March 1, 2013

Editorial

Happy retirement, Pope Benedict

If anyone deserves a happy and peaceful retirement after a long life of service to the Catholic Church, it’s certainly Pope Benedict XVI. Indeed, his retirement is coming almost eight years later than he expected and wanted. However, the cardinals who elected him pope, under the guidance of the Holy Spirit, knew what they were doing.

Many people, we believe, were surprised by this mild and introverted intellectual, who succeeded the charismatic and extroverted Blessed John Paul II. However, we also believe, most Catholics grew to love this man who assumed the arduous labors of the papacy when he was 78.

His influence on the Church, though, began at least 50 years ago when, as Father Joseph Ratzinger, he was selected by Cardinal Joseph Frings of Cologne, Germany, as his peritus—theological adviser—at the Second Vatican Council. He contributed greatly to some of the documents of Vatican II, especially those regarding the liturgy and revelation.

Following Vatican II, he resumed has teaching and his writing while helping to found the journal Communio to foster what he and the journal’s co-founders believed was the authentic interpretation of Vatican II.

After serving as Archbishop of Munich and Freising for four years, during which time he was made a cardinal, in 1981 he accepted Pope John Paul II’s invitation to become prefect of the Congregation for the Doctrine of the Faith (CDF). He worked closely with Pope John Paul and oversaw the writing of numerous official teaching documents.

One of the most important of those documents was the Catechism of the Catholic Church. Cardinal Ratzinger headed the commission that prepared the catechism from 1986-92. It is now considered the major catechetical achievement of Pope John Paul’s pontificate.

During those years, Cardinal Ratzinger got a reputation of being a stern enforcer of Catholic doctrine, especially when his congregation felt it necessary to discipline certain theologians who taught things contrary to the Church’s doctrine.

Thus, many were taken by surprise when his papacy turned out to be more pastoral than some people expected.

Cardinal Ratzinger also wrote a phenomenal number of theological books. Even today the catalog for Ignatius Press, which publishes most of his work in the United States, takes five pages to list his books. Included is Milestones, his autobiography from 1927 to 1977.

He continued to write constantly after he was pope, not only his lectures for his Wednesday audiences and messages for the numerous meetings popes have to have, but also three encyclicals.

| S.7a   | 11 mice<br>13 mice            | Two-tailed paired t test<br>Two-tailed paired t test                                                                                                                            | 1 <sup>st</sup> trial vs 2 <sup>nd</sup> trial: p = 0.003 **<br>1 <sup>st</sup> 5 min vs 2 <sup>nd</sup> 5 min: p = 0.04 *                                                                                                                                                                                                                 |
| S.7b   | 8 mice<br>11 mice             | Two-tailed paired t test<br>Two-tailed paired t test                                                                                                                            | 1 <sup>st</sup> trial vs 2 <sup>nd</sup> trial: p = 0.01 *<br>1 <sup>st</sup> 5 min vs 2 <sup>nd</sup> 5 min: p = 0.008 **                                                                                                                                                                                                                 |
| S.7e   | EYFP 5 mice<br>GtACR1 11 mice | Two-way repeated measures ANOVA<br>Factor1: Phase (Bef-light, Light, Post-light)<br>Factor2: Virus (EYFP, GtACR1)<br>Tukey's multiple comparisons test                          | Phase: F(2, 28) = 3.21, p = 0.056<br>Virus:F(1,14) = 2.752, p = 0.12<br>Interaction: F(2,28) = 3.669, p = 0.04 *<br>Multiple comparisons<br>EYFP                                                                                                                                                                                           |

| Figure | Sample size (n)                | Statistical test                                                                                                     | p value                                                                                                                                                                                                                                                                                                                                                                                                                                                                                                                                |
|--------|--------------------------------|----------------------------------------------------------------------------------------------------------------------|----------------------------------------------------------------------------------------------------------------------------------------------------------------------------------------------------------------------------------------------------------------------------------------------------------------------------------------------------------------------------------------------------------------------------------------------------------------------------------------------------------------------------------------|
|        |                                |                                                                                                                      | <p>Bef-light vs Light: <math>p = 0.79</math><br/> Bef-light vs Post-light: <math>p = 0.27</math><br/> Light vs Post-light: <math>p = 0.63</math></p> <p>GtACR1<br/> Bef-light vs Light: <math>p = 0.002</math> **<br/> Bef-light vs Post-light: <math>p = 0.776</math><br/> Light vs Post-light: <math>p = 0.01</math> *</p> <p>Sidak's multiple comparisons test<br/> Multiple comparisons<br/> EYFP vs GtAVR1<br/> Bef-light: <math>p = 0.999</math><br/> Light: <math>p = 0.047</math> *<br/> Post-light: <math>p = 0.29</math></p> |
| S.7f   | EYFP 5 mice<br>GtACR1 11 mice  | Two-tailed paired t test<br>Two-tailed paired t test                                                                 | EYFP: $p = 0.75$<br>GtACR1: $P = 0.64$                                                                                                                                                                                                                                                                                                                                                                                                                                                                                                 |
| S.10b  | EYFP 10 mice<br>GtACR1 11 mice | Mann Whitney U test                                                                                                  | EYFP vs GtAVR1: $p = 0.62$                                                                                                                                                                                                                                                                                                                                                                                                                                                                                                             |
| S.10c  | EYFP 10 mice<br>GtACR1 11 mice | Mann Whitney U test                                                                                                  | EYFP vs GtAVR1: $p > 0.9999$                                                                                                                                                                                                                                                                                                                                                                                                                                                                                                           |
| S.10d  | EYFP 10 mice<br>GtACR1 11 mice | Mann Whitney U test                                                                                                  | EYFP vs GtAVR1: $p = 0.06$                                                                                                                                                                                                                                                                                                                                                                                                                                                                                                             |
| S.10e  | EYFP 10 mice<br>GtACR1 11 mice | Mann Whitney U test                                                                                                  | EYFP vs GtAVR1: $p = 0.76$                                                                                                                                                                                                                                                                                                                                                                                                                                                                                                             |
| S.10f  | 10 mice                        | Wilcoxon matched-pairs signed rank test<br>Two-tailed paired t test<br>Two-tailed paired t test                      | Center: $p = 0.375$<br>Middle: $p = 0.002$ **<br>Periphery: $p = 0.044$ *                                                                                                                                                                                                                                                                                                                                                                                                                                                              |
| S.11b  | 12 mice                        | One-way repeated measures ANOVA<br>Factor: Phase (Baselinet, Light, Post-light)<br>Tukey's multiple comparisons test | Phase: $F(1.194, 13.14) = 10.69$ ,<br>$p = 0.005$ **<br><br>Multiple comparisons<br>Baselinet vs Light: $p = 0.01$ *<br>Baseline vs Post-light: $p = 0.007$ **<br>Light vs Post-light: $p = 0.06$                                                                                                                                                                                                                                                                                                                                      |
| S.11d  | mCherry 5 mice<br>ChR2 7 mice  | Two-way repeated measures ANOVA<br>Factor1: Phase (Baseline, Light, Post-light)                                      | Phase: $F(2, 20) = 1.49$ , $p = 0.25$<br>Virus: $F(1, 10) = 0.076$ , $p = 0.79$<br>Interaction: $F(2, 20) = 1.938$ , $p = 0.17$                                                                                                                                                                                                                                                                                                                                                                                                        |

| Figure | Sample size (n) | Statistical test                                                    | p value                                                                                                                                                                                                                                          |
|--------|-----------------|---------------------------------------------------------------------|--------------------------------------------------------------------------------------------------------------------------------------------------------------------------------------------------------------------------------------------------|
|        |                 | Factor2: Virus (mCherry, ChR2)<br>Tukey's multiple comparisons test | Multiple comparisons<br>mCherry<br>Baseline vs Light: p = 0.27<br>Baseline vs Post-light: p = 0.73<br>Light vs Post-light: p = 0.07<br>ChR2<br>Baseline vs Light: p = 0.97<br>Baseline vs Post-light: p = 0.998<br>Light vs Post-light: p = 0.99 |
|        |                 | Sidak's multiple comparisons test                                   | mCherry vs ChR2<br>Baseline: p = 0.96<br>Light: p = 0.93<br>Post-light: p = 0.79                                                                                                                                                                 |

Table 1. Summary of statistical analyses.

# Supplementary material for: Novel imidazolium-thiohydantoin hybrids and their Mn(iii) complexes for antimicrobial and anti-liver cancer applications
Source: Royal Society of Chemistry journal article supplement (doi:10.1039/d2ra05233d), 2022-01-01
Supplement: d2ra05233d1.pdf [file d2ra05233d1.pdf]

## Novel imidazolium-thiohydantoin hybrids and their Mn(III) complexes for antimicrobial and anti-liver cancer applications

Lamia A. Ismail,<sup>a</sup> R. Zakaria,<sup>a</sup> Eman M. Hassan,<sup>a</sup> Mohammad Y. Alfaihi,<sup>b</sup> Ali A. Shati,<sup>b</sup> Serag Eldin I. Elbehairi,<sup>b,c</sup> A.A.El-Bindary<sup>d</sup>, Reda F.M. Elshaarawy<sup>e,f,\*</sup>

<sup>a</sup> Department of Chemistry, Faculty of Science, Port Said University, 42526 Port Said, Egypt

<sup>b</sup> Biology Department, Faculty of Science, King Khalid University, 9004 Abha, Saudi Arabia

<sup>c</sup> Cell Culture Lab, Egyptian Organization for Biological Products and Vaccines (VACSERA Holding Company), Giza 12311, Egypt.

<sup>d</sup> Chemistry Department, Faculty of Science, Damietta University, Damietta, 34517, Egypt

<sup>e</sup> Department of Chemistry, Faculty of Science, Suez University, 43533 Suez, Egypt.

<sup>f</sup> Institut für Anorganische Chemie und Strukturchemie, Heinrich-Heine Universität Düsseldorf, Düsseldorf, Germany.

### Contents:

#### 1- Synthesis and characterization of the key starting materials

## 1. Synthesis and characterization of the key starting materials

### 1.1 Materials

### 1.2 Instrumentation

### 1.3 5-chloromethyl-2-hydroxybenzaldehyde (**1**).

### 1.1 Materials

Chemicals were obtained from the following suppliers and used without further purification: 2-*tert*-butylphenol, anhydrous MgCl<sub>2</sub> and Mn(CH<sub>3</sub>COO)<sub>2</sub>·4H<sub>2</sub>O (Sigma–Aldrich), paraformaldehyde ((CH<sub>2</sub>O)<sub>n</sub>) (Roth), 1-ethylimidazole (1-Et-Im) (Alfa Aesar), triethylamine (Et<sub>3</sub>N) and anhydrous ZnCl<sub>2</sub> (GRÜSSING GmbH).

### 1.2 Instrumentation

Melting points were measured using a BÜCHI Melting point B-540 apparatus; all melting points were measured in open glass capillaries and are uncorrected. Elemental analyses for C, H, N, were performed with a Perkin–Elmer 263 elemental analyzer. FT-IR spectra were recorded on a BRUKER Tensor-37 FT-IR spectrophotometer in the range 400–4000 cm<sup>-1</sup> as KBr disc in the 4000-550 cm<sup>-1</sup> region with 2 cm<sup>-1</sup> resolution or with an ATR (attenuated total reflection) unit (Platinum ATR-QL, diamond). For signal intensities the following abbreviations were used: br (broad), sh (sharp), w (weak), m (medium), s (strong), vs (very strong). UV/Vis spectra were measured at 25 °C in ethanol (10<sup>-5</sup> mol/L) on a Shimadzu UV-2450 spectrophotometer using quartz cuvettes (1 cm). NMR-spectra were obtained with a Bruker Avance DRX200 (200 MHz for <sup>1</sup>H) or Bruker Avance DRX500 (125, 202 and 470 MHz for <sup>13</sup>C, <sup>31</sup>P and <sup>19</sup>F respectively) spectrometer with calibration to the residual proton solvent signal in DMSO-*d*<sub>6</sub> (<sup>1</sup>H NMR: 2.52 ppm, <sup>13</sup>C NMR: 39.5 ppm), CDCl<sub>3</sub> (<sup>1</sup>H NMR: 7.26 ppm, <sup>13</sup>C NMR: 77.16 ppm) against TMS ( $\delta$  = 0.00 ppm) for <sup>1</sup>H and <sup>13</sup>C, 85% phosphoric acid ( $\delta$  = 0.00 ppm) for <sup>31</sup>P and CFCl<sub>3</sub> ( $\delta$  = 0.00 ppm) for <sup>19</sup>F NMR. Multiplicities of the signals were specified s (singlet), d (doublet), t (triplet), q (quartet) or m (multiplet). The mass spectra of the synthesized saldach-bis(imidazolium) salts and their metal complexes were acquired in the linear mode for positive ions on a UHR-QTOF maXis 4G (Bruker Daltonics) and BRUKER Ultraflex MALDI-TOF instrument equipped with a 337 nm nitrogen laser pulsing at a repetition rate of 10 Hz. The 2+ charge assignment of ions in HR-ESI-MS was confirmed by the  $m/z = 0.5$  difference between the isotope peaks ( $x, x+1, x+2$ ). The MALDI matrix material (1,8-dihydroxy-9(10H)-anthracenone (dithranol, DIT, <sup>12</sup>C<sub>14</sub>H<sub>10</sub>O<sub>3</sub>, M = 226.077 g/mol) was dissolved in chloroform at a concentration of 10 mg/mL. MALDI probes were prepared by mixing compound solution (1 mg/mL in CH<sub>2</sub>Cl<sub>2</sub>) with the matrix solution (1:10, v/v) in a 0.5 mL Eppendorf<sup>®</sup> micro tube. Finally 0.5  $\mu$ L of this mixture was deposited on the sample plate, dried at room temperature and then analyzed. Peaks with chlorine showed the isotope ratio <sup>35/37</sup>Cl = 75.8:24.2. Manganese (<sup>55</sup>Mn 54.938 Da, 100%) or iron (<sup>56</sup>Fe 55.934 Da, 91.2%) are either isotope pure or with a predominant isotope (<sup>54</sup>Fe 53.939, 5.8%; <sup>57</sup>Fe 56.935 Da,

The first, “Deus Caritas Est” (“God Is Love”), published in 2006, was about the true meaning of love and how we are to live a life of love for God and others.

“Spe Salvi” (“Saved in Hope”), published at the end of 2007, was basically an extremely optimistic encyclical, but it took issue with those in the modern world who separate reason from faith and hope.

The third encyclical, “Caritas in Veritate”(“Charity in Truth”), published in 2009, was a social justice document that addressed a long range of economic issues.

With everything else he had to do, Pope Benedict also somehow found the time to write three volumes on Jesus of Nazareth, all immediately becoming best-sellers.

Well before he became pope, Benedict was concerned about the secularism of modern society, especially in the West. He called for a “new evangelization,” a phrase first used by Pope Paul VI, and established a permanent office in the Vatican to oversee it.

This past October, he inaugurated a Year of Faith, to continue until November, as part of the new evangelization.

He did not travel as much as Pope John Paul did, but he made 24 trips outside of Italy, plus 30 more inside Italy. He visited the United States in 2008, during which he spoke at the United Nations. He also met with some victims of clergy sex abuse.

His trip to England in 2010 was a masterpiece, as he met with the queen and the Archbishop of Canterbury. He even won over the secular media that had been skeptical of the visit. He established a cordial relationship with the former Anglican Archbishop of Canterbury, Rowan Williams.

Speaking of Anglicans, one of Pope Benedict’s great accomplishments was the establishment of a new ordinariate for Anglican communities to enter into full communion with the Catholic Church.

During Pope Benedict’s pontificate, the new vernacular translations of the Mass and other liturgical rites were approved and, in the United States, went into effect during Advent of 201l.

Unfortunately, Pope Benedict’s pontificate will also be associated with the clergy sex-abuse scandal. The pope received a lot of criticism from people who didn’t realize that it was the pope, while still at the CDF, who was one of the first high-level officials of the Church to realize the seriousness of the scandal and to do something about it.

The pope has completed his pontificate with the courageous, prudent and humble decision to resign for the good of the Church. He will continue to serve the Church, as he has done throughout his long life, through prayer.

We wish him many more years.

—John F. Fink

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